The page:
I believe that eating whole foods, and cooking meals from scratch, are the best ways to support our health and our environment. It’s important. We only get one body to live in and we only have one planet to live on. The problem? Cooking from scratch is perceived as time-consuming when in reality it can be easy. It’s all about what we decide is important enough to give our valuable time to. A little shift in perspective can help cooking become enjoyable. These tips are simple, and some of them take a little time on the front end, but the final results are so worth it!
1. Use basic or familiar recipes
There are times when it’s really fun to hang out in the kitchen creating a fancy 6 course meal – but not when you get home at 7 pm after a long day. If you stick to simple recipes that are nourishing, filing, delicious, and won’t leave you feeling “less than optimal”. There are a ton of them online and you can choose the number of ingredients you are comfortable with as well as the amount of time you have to spend. You can also clean up a familiar recipe by swapping out unhealthy ingredients for a clean alternative. Ditch the vegetable oil and replace with Extra Virgin Olive Oil. Combine your chosen protein (meat, fish, beans, (tofu anyone?)) with a favorite raw, roasted or steamed vegetable. I often choose whatever is on hand that needs to be eaten. Add some flavor with with fresh squeezed citrus , sea salt, or my favorite “SPIKE” brand seasoning. Add a good healthy clean fat, like Extra Virgin Olive oil, coconut oil, or sliced avocado. Vitamins A, D, E, and K need some fat to be absorbed and utilized by the body. Each meal ideally containing a clean protein, some good quality fat, and fiber (veggies). Eating real whole food, just not too much. Pay attention to when you are getting full and stop while you are ahead.
2. Ask family members for help.
Whoever came up with the rule that one person, usually one parent, always gets stuck with the decision as to what to have for dinner AND and the responsibility of getting the meal to the table on time? Probably not someone who has ever been delegated to the task! Ask your kids, partners, spouses, or friends to help you. Play some music, talk about your day, ask each other questions! Group effort will complete the prepping and chopping (and cleaning up) in no time at all. This is a great tip that will also help teach the kiddos valuable cooking skills. Kids tend to eat what they help prepare!
3. Plan a few days of meals in advance and save them.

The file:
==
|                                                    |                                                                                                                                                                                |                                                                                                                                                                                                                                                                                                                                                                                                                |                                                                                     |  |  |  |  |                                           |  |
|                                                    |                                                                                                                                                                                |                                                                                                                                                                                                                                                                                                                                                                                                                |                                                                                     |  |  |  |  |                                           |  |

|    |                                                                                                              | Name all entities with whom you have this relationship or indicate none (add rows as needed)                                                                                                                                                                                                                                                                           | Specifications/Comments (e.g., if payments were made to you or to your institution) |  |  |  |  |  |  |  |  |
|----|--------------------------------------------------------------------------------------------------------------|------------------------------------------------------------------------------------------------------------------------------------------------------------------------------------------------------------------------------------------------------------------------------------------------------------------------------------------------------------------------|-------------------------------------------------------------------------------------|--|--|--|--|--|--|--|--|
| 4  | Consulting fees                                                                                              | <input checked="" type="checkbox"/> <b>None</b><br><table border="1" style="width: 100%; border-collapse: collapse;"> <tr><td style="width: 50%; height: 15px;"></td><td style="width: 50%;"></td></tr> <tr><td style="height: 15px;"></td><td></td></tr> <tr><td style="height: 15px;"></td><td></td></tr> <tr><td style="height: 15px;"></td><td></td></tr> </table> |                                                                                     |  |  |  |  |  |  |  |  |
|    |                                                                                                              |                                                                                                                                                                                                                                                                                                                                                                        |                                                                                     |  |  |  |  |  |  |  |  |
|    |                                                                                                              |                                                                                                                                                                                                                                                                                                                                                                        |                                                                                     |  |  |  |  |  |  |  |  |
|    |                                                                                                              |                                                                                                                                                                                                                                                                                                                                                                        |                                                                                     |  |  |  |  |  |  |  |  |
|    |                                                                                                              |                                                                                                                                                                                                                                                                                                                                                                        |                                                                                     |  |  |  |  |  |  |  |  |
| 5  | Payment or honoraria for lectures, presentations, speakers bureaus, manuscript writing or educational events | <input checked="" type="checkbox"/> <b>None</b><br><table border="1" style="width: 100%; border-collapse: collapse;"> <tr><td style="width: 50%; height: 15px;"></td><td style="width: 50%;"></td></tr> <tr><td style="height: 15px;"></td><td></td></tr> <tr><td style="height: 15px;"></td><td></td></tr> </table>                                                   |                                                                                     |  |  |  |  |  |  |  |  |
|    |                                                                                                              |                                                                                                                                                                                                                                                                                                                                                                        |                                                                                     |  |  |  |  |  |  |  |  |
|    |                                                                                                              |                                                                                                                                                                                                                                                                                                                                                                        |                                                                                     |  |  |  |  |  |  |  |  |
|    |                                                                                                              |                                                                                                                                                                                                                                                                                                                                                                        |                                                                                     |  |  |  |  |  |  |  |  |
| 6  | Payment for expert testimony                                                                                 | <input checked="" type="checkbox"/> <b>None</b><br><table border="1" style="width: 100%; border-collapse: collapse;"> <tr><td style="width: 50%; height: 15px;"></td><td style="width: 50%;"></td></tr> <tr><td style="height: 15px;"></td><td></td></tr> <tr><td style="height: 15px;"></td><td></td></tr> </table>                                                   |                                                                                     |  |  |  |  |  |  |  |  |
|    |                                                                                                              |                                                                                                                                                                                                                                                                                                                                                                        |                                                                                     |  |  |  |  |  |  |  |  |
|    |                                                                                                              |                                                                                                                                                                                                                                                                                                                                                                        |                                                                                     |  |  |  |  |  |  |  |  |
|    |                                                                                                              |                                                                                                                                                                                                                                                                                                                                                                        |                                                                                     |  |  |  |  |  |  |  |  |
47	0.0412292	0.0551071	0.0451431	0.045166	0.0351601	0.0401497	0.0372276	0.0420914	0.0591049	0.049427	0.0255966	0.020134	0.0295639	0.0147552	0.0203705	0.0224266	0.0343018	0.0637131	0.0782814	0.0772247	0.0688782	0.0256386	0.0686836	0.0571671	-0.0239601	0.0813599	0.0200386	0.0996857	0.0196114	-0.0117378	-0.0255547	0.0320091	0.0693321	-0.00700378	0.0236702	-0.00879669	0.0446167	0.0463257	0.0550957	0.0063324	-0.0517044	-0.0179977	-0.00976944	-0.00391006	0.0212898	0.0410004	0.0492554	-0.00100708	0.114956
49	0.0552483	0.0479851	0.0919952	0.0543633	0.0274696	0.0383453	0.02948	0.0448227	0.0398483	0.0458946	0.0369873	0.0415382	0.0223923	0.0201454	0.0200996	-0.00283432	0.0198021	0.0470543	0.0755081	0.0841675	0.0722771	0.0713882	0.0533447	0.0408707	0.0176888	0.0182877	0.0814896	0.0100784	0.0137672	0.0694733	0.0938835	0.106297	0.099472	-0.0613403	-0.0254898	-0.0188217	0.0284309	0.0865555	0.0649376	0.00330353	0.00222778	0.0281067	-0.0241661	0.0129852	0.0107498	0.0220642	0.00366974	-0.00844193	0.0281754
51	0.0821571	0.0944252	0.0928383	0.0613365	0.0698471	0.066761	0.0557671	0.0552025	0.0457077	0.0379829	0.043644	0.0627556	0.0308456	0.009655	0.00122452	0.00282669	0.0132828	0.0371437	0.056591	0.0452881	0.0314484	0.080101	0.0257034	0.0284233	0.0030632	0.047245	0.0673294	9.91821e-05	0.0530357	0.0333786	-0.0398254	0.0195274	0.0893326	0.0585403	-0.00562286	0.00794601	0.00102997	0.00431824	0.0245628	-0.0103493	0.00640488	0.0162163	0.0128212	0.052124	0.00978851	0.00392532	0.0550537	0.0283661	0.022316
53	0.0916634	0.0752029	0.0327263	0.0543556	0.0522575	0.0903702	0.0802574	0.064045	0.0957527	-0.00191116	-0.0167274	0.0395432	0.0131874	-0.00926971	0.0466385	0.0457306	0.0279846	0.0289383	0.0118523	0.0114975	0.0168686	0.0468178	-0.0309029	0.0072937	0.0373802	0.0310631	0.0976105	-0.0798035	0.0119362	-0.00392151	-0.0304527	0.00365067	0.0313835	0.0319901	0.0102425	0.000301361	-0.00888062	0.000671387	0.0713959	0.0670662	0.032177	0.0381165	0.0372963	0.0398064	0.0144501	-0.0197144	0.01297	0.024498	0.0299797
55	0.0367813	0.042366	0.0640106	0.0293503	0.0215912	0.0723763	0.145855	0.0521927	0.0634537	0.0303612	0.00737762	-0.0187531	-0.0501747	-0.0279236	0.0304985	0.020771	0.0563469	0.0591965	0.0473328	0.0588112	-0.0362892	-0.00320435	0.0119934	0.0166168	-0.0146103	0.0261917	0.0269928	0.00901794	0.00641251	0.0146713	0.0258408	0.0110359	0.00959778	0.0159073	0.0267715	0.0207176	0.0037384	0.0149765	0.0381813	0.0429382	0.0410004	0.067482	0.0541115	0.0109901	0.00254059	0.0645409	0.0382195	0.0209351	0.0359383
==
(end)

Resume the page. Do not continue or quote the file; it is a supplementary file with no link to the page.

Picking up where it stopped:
Healthy eating is easier when you have a plan in place to make it happen – This is hands down one of the best things I learned at the Academy of Culinary Nutrition. A meal plan that includes breakfast, lunch, dinner and a snack is helpful, but if you’re new to meal planning, start off with creating a menu for dinners (or lunches) only. Chart your meals for the week (you can even plan to make extra and have the leftovers for the next day) and include any recipes you’ll need. Sometimes it is helpful to just do a few days at a time vs. a whole week. Cross reference your plan and make a shopping list. You can create a personal and customized shopping list from a word or excel “list” template, or create a handwritten notebook of meal plans.
In a few weeks, you will have a good little tool box full of meal plans and all you’ll need to do is pull one out, pick up the ingredients from your already complete shopping list and start cooking. The more you repeat meal plans in your rotation, the easier it is. This gets pretty quick and easy with practice. Don’t get discouraged the first few tries.
4. Create a prep schedule.
A prep schedule allows you to implement your menu plan efficiently. For each recipe, write down the ingredients, how they need to be prepped (sliced, chopped, diced, soaked, etc.). Next, assign someone in your family to complete that task and decide when they need to do it. Repeat meals, a soup for lunch on Monday can become a side for baked chicken dinner the next night. In my house, I am the Queen of my kitchen and meal planning and prep, but I still enlist some help. Example: Sunday afternoon: Lisa: wash, dice, and store celery, carrots, and onion. Sunday eve: Scott: remove (elk, chicken, or? ) from freezer to thaw, choose between rice or sweet potato.
5. Pick a prep day.
I get it. The whole idea can feel overwhelming and impossible. I promise, with practice, you will be able to do this in about an hour. Time spent prepping will save you several hours over the course of your week. The majority of the work in cooking is cleaning chopping, cleaning again, and not the cooking itself. Save time and effort during the week by doing some of the prep work on the weekend. This way, come Monday, all you’ll need to do is assemble and cook and dinnertime will happen so much easier.
- Chopping produce in sizes according to what’s needed for chosen recipes. Storing them according to how they will be used and in proper quantities throughout the week.
- Washing and cutting the produce right when you get home from the store. This way you only have to clean up once. YEAH!
- Cooking larger batches of rice or other grains, beans and soups to use throughout the week.
- Cutting up veggies for snacks. If a bowl of bite sized fruit and veggies is front and center when you open the fridge, they get eaten!
- Making a few recipes ahead of time to have for dinners during the week. You can also assemble and freeze a few meals, to pull out in a pinch. Just remember to label what they are and date it. Placing it in the freezer according to the date (oldest up front) is also helpful.
Planning meals and menus and working them into a busy family schedule can take a couple of hours until you are used to it. When the whole family gets involved, it can be a fun way to spend a little more quality and healthy time together.